Winter is a slower season for farmers and ranchers. It offers family business leaders time to plan for the future. A recent article from Progressive Farmer, “Family Business Matters: Eight Practical Succession Ideas,” lists ideas to improve succession and estate planning efforts.
Families who own land passed through generations don’t always like to show the land at its current fair market value. Even if you intend to never sell the land, creating an estate plan requires an accurate valuation of all assets to minimize the consequences of estate and income taxes.
Family members often have no understanding of how they will achieve ownership of the business and its assets. Will it be a gift? Will there be taxes to pay? Or will it be a sale? Will they need to buy out non-farming family members? Without clear answers to these and related questions, people may find themselves operating on assumptions, which almost always leads to conflict or family fractures.
Plan for the transition by starting with discrete business functions. This could be as straightforward as making decisions about equipment, purchasing crop insurance, or enrolling in a Farm Service Agency. This gives the senior generation the ability to delegate and observe, while empowering and more fully engaging the next generation.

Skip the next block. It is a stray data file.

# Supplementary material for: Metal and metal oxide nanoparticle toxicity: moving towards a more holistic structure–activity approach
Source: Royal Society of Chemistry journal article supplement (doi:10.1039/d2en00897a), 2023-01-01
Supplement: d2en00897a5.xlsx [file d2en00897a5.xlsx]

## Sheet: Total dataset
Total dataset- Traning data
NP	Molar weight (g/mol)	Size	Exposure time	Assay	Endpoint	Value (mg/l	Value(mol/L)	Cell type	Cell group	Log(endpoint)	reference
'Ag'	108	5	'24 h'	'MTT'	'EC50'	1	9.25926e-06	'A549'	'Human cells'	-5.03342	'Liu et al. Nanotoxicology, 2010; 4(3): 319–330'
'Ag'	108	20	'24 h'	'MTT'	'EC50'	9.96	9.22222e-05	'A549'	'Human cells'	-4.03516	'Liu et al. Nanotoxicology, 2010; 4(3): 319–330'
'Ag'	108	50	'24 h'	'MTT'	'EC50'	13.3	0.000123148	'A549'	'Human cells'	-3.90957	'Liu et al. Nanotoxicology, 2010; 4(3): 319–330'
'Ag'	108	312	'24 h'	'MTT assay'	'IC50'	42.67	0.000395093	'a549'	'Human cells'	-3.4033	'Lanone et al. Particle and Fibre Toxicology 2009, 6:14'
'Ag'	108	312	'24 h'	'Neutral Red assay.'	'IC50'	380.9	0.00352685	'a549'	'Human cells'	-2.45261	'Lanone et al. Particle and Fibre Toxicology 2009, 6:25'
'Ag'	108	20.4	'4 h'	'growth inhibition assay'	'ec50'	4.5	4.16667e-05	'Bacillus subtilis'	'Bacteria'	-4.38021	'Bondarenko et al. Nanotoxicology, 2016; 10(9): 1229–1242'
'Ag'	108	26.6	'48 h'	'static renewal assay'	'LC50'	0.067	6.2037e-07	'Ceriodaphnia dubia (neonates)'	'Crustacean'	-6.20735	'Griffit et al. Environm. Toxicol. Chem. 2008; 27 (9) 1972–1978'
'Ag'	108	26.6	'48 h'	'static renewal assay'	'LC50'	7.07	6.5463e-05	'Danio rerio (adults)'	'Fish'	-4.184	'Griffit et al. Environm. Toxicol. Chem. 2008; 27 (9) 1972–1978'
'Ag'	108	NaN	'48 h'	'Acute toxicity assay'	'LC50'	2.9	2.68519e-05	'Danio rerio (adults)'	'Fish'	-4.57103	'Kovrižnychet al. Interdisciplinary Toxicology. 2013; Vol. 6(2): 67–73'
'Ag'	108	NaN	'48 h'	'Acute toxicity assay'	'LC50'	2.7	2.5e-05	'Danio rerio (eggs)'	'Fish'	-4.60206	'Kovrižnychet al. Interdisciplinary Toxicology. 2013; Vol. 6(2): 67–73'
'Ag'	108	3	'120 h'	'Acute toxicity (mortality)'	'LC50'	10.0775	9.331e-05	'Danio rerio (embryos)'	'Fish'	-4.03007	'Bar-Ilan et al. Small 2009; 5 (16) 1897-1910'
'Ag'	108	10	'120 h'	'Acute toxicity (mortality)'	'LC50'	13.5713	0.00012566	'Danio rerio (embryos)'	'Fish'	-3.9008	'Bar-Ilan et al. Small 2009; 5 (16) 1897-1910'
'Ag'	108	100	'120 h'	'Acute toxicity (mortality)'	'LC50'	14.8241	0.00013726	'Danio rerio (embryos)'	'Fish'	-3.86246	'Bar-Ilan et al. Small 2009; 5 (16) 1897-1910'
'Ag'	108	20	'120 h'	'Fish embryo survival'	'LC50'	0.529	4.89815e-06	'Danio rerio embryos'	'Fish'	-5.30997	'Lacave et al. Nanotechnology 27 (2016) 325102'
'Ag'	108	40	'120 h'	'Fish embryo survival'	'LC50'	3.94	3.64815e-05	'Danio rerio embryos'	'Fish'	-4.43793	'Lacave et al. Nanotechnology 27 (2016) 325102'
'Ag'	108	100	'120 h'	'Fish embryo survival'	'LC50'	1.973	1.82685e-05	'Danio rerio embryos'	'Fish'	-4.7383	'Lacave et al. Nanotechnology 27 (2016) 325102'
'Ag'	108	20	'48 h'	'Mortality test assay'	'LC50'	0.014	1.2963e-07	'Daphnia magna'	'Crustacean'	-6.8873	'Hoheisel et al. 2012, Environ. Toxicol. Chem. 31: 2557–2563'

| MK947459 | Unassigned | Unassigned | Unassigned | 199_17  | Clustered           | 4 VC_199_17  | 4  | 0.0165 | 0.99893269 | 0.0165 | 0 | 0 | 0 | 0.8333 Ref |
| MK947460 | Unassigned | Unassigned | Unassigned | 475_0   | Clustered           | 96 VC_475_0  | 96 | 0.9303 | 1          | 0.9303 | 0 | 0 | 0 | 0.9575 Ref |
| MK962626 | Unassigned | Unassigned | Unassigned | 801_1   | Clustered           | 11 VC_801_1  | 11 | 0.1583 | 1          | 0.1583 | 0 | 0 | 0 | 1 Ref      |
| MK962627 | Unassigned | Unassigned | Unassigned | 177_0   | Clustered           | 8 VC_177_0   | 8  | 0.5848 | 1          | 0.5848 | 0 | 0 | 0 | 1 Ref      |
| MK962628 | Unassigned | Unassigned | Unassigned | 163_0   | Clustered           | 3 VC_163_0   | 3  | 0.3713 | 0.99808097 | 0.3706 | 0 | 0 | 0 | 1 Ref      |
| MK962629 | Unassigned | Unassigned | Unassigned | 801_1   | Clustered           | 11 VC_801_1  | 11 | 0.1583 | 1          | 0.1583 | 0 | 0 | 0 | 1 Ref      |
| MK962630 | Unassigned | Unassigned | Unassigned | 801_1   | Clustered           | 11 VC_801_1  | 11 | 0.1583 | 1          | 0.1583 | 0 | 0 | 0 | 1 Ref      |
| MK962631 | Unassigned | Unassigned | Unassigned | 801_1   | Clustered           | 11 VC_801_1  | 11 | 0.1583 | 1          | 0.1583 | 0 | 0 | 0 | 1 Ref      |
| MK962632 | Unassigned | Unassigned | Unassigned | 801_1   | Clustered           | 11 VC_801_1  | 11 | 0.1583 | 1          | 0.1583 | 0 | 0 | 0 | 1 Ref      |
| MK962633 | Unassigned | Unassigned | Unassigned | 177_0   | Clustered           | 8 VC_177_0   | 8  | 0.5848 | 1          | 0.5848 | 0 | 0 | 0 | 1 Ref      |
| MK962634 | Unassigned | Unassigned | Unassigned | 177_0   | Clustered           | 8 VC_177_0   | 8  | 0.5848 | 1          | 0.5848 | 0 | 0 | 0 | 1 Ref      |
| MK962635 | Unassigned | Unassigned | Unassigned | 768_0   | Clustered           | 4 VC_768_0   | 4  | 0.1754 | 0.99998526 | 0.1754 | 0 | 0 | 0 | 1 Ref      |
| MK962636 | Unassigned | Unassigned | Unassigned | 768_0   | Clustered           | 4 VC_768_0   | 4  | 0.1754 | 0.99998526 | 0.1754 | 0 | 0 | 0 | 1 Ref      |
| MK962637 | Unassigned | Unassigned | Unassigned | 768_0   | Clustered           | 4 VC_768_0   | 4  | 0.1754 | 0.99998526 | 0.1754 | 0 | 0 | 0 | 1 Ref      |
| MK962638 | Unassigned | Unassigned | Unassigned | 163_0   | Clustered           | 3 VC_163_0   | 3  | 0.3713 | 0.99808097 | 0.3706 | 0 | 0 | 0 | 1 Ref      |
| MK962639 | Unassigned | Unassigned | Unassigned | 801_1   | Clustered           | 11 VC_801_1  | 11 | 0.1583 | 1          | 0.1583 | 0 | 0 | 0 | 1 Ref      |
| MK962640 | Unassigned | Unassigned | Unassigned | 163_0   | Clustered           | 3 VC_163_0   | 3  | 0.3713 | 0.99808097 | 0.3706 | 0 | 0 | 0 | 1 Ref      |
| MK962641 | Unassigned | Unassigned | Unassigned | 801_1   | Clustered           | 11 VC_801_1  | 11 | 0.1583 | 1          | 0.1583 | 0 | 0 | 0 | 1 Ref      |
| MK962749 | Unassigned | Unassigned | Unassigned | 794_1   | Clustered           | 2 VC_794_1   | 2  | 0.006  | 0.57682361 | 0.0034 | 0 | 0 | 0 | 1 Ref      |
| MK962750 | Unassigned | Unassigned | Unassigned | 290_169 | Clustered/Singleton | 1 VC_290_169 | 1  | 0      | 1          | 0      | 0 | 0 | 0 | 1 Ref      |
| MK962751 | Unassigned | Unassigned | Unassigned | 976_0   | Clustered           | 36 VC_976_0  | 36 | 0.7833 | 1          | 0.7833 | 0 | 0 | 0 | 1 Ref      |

People often neglect to update estate documents. Review wills, trusts, trustees, beneficiary designations, advance medical directives and power of attorney documents. Are the people named in various roles still appropriate? Does your estate still work, in light of changing tax laws? This should happen at least every three to five years.
Part of retirement funding is the tax liability of leaving the family business. Deferred income, prepaid expenses and fully depreciated equipment can lead to significant tax exposure. Three to five years ahead of your departure, start mapping out a plan with your accountant, estate planning attorney and financial advisor.
If you rent property from an absentee landowner, those relationships will be vital to continuing the business. You may not be able to influence the landowner at the time of transition to the next generation. However, establishing relationships with family members who will take over for you can reduce friction.
Passing land from one generation to the next often means siblings or cousins become business partners, with undivided interests in the land or as shareholders or members of some legal entity. Family members who may not get along will benefit from having a “buy-sell agreement” in place. This spells out how partners can buy out each other’s interest if one or more family members want to sell. Talk with your estate planning attorney to establish an agreement in advance of anyone leaving the business to reduce the potential of family conflict.
Reference: Progressive Farmer (Jan. 1, 2023) “Family Business Matters: Eight Practical Succession Ideas”